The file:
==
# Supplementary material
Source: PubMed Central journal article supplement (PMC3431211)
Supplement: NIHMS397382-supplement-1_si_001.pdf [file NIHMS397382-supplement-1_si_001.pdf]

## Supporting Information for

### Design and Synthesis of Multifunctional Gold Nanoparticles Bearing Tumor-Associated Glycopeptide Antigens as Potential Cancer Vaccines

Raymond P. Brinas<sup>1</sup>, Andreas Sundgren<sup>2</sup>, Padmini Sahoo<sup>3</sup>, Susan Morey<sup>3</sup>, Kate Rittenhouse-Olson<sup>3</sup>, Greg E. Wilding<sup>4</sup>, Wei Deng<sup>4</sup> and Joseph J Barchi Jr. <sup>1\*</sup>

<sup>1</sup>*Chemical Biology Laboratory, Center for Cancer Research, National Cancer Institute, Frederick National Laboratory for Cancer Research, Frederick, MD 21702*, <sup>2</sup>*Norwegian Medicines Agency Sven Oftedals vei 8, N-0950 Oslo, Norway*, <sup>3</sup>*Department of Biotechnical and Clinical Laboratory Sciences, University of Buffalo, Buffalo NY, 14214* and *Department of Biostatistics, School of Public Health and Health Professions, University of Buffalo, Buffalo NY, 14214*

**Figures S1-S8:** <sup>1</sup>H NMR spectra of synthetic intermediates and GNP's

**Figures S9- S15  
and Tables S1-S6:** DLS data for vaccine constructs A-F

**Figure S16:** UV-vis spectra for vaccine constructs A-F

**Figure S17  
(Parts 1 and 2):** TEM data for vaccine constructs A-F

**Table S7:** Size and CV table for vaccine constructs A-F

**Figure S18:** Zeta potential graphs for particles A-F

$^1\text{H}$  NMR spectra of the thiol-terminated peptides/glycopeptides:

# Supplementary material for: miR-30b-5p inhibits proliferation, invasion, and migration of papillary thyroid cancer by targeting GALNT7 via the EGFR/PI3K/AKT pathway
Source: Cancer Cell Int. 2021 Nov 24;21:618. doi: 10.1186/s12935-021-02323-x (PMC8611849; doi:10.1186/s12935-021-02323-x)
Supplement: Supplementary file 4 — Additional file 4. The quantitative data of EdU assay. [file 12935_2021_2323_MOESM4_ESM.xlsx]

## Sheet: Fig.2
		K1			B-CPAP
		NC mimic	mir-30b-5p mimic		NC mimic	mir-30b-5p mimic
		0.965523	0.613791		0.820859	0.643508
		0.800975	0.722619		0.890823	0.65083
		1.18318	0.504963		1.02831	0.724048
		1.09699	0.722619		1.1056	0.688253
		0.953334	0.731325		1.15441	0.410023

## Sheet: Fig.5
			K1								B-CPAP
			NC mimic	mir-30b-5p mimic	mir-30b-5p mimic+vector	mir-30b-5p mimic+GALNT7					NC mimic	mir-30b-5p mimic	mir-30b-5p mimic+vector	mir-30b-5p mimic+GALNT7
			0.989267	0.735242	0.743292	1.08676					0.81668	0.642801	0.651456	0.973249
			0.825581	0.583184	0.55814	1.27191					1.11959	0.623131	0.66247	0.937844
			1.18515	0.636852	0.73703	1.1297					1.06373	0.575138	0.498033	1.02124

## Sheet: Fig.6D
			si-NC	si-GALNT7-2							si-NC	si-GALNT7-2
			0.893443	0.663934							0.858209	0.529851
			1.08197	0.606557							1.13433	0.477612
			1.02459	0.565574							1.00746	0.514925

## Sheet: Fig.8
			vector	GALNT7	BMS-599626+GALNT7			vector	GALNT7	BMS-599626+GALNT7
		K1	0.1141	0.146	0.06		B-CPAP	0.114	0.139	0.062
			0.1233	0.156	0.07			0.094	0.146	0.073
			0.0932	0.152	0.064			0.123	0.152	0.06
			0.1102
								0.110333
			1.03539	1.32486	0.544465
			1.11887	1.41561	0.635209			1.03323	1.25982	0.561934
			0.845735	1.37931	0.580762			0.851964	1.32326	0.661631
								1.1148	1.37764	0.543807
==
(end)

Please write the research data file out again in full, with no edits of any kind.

# Supplementary material
Source: PubMed Central journal article supplement (PMC3431211)
Supplement: NIHMS397382-supplement-1_si_001.pdf [file NIHMS397382-supplement-1_si_001.pdf]

## Supporting Information for

### Design and Synthesis of Multifunctional Gold Nanoparticles Bearing Tumor-Associated Glycopeptide Antigens as Potential Cancer Vaccines

Raymond P. Brinas<sup>1</sup>, Andreas Sundgren<sup>2</sup>, Padmini Sahoo<sup>3</sup>, Susan Morey<sup>3</sup>, Kate Rittenhouse-Olson<sup>3</sup>, Greg E. Wilding<sup>4</sup>, Wei Deng<sup>4</sup> and Joseph J Barchi Jr. <sup>1\*</sup>

<sup>1</sup>*Chemical Biology Laboratory, Center for Cancer Research, National Cancer Institute, Frederick National Laboratory for Cancer Research, Frederick, MD 21702*, <sup>2</sup>*Norwegian Medicines Agency Sven Oftedals vei 8, N-0950 Oslo, Norway*, <sup>3</sup>*Department of Biotechnical and Clinical Laboratory Sciences, University of Buffalo, Buffalo NY, 14214* and *Department of Biostatistics, School of Public Health and Health Professions, University of Buffalo, Buffalo NY, 14214*

**Figures S1-S8:** <sup>1</sup>H NMR spectra of synthetic intermediates and GNP's

**Figures S9- S15  
and Tables S1-S6:** DLS data for vaccine constructs A-F

**Figure S16:** UV-vis spectra for vaccine constructs A-F

**Figure S17  
(Parts 1 and 2):** TEM data for vaccine constructs A-F

**Table S7:** Size and CV table for vaccine constructs A-F

**Figure S18:** Zeta potential graphs for particles A-F

$^1\text{H}$  NMR spectra of the thiol-terminated peptides/glycopeptides:

# Supplementary material for: miR-30b-5p inhibits proliferation, invasion, and migration of papillary thyroid cancer by targeting GALNT7 via the EGFR/PI3K/AKT pathway
Source: Cancer Cell Int. 2021 Nov 24;21:618. doi: 10.1186/s12935-021-02323-x (PMC8611849; doi:10.1186/s12935-021-02323-x)
Supplement: Supplementary file 4 — Additional file 4. The quantitative data of EdU assay. [file 12935_2021_2323_MOESM4_ESM.xlsx]

## Sheet: Fig.2
		K1			B-CPAP
		NC mimic	mir-30b-5p mimic		NC mimic	mir-30b-5p mimic
		0.965523	0.613791		0.820859	0.643508
		0.800975	0.722619		0.890823	0.65083
		1.18318	0.504963		1.02831	0.724048
		1.09699	0.722619		1.1056	0.688253
		0.953334	0.731325		1.15441	0.410023

## Sheet: Fig.5
			K1								B-CPAP
			NC mimic	mir-30b-5p mimic	mir-30b-5p mimic+vector	mir-30b-5p mimic+GALNT7					NC mimic	mir-30b-5p mimic	mir-30b-5p mimic+vector	mir-30b-5p mimic+GALNT7
			0.989267	0.735242	0.743292	1.08676					0.81668	0.642801	0.651456	0.973249
			0.825581	0.583184	0.55814	1.27191					1.11959	0.623131	0.66247	0.937844
			1.18515	0.636852	0.73703	1.1297					1.06373	0.575138	0.498033	1.02124

## Sheet: Fig.6D
			si-NC	si-GALNT7-2							si-NC	si-GALNT7-2
			0.893443	0.663934							0.858209	0.529851
			1.08197	0.606557							1.13433	0.477612
			1.02459	0.565574							1.00746	0.514925

## Sheet: Fig.8
			vector	GALNT7	BMS-599626+GALNT7			vector	GALNT7	BMS-599626+GALNT7
		K1	0.1141	0.146	0.06		B-CPAP	0.114	0.139	0.062
			0.1233	0.156	0.07			0.094	0.146	0.073
			0.0932	0.152	0.064			0.123	0.152	0.06
			0.1102
								0.110333
			1.03539	1.32486	0.544465
			1.11887	1.41561	0.635209			1.03323	1.25982	0.561934
			0.845735	1.37931	0.580762			0.851964	1.32326	0.661631
								1.1148	1.37764	0.543807